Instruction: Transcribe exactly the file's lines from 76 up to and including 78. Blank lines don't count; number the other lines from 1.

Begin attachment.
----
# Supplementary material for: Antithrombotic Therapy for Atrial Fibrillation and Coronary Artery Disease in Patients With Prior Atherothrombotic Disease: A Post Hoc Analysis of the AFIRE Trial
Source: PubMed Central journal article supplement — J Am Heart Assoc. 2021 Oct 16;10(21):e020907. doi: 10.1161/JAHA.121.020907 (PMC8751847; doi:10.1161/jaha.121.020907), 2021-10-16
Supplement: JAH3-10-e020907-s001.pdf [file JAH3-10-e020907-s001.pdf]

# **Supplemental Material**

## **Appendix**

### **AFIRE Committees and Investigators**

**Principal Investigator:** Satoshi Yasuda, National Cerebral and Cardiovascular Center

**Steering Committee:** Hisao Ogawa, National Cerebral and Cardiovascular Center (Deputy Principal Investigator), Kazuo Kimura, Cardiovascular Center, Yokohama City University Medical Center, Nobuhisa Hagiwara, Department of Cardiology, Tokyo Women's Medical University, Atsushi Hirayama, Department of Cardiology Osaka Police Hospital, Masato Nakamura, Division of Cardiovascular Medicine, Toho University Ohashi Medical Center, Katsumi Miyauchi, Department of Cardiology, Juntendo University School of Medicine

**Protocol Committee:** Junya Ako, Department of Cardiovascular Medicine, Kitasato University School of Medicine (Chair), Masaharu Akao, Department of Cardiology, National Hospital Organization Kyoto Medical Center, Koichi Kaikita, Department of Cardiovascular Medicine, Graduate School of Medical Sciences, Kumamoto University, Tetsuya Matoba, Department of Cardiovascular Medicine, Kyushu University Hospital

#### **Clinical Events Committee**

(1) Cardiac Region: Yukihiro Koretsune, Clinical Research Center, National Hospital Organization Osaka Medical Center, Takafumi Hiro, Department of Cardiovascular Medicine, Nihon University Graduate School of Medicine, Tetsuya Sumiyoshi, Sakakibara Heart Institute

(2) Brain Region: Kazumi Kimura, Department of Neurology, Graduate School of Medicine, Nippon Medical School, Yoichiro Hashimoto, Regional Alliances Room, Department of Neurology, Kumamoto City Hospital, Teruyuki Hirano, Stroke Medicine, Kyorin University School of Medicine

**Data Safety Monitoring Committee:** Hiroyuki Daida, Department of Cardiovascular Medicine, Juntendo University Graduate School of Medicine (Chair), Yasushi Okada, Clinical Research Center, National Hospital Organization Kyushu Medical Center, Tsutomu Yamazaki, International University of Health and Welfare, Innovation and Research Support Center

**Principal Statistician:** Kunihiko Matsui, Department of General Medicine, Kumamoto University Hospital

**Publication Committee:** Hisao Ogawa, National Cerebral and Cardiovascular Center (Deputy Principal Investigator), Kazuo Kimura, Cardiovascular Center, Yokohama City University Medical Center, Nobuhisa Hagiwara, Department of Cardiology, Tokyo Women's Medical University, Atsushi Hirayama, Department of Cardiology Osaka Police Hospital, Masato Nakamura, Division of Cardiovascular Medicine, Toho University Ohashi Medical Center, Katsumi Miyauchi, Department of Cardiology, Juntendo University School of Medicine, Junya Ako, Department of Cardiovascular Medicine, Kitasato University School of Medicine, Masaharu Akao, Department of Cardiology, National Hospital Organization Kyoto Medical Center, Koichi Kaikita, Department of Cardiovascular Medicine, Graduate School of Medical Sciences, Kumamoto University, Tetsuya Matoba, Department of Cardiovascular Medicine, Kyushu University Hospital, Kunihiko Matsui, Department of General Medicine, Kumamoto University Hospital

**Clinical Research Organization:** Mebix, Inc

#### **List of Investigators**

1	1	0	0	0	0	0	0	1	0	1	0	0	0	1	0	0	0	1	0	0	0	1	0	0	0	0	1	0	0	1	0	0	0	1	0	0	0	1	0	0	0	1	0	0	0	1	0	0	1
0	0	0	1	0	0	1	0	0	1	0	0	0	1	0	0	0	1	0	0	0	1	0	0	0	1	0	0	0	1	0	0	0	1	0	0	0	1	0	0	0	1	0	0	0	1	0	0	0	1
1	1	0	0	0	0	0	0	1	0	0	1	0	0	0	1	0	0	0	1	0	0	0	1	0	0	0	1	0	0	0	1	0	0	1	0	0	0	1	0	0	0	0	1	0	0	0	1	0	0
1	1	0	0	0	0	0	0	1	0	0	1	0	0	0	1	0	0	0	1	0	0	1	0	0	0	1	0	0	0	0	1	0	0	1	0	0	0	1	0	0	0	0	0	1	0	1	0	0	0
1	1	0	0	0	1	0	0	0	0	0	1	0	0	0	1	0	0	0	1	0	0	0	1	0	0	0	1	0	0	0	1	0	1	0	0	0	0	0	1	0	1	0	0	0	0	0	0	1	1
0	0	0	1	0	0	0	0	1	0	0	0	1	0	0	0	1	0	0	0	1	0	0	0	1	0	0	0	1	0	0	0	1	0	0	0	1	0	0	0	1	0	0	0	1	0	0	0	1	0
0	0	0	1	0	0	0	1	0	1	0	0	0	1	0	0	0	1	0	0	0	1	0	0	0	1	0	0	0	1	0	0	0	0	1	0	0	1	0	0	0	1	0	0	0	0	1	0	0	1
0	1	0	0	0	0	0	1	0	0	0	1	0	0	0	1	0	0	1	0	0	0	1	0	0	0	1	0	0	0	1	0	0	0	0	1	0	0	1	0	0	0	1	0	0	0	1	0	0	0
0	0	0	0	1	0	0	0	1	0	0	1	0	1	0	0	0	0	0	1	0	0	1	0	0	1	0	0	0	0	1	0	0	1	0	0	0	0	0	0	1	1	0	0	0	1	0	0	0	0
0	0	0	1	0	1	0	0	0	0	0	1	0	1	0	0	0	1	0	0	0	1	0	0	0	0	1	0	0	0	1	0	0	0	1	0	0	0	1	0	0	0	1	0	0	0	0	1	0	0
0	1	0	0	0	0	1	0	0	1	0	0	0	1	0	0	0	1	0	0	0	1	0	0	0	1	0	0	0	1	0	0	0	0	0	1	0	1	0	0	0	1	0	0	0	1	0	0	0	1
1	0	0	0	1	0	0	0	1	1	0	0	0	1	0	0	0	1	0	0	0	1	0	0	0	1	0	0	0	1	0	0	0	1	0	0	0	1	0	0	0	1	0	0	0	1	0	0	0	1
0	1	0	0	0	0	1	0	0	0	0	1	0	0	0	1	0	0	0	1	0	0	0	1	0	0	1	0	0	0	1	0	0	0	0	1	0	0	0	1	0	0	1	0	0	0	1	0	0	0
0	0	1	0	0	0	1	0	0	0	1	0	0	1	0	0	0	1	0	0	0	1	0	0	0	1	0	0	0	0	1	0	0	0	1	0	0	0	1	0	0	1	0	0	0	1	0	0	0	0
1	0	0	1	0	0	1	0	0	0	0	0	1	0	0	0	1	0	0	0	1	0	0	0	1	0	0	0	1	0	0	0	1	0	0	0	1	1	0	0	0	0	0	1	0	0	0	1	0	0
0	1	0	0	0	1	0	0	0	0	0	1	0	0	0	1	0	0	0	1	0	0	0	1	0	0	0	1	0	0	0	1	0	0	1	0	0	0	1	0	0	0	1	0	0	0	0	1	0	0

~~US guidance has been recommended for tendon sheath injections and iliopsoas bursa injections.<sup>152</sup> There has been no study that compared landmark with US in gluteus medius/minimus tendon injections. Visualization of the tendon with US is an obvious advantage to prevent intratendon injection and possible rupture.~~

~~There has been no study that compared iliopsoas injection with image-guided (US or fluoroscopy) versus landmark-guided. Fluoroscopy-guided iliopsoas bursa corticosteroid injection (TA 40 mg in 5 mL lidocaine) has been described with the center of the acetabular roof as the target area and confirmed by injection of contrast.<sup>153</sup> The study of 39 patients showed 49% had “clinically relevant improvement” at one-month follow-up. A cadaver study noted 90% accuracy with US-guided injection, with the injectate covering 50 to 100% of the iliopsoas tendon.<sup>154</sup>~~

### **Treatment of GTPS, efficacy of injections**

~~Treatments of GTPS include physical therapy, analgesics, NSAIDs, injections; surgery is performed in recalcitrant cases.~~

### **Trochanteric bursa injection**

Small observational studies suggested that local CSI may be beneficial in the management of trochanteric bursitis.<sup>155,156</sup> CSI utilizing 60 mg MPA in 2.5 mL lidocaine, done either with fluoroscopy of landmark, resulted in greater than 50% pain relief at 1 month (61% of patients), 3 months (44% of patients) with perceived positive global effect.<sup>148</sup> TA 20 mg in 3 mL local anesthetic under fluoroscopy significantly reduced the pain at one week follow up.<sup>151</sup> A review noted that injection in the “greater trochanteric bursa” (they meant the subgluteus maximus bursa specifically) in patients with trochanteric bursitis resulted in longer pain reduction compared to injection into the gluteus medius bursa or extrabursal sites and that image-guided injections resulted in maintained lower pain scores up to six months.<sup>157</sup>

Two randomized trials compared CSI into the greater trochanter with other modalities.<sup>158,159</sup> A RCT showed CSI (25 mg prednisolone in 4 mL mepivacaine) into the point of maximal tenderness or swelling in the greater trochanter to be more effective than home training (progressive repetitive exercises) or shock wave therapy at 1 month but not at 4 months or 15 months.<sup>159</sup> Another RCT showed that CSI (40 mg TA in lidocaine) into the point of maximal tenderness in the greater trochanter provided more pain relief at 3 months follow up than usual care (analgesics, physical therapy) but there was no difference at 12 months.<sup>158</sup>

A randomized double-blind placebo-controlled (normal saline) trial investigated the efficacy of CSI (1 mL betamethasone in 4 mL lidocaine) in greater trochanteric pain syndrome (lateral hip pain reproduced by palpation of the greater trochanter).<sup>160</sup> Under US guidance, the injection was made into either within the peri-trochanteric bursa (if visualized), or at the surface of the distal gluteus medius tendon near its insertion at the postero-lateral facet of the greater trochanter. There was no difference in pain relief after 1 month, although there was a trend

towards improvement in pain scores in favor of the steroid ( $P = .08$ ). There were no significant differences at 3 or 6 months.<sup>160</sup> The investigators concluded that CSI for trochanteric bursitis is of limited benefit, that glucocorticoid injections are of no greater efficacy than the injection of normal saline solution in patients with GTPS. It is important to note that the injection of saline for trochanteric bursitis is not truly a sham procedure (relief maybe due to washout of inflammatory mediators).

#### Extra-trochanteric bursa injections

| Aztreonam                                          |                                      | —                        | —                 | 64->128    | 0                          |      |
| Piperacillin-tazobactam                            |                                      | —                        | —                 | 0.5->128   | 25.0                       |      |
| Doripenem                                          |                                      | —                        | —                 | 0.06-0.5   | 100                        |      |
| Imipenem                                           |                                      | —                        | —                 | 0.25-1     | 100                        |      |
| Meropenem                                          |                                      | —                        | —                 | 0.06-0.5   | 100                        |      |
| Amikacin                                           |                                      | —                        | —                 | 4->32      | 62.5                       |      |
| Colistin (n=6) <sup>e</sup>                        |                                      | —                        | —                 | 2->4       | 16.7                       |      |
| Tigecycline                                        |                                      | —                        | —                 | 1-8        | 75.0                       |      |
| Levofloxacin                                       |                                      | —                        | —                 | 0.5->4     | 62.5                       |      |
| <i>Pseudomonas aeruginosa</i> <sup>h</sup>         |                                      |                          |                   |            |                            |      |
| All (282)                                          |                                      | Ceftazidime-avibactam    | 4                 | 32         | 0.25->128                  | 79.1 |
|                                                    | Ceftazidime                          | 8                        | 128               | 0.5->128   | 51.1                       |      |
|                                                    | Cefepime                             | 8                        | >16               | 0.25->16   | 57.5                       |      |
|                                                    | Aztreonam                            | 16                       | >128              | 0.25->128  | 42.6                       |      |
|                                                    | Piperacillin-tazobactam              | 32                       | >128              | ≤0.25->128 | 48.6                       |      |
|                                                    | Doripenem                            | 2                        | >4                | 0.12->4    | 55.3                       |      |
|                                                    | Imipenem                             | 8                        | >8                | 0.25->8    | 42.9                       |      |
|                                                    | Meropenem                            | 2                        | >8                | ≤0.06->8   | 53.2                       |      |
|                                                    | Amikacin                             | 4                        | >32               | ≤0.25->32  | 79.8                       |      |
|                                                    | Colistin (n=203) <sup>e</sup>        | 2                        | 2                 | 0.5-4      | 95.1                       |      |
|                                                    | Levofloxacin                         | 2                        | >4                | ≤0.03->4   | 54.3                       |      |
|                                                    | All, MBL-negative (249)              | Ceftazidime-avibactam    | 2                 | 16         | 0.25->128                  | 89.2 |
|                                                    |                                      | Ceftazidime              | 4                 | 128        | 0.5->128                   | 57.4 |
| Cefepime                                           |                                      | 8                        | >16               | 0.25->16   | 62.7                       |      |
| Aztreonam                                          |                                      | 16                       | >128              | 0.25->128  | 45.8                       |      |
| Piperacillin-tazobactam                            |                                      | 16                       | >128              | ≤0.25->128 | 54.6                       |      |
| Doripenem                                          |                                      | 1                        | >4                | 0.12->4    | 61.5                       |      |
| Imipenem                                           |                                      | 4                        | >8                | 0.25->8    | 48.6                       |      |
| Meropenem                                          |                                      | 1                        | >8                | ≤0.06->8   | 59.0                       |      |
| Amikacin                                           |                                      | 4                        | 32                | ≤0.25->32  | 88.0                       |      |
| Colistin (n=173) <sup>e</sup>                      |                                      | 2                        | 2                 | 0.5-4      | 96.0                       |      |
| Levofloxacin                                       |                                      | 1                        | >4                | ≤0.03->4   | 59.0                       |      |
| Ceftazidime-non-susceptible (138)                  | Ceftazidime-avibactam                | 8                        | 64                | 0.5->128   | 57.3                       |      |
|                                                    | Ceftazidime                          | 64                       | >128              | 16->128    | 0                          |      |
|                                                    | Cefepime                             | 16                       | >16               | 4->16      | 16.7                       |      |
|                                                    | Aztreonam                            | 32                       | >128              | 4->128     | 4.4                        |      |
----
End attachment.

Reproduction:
| Ceftazidime-non-susceptible (138)                  | Ceftazidime-avibactam                | 8                        | 64                | 0.5->128   | 57.3                       |      |
|                                                    | Ceftazidime                          | 64                       | >128              | 16->128    | 0                          |      |
|                                                    | Cefepime                             | 16                       | >16               | 4->16      | 16.7                       |      |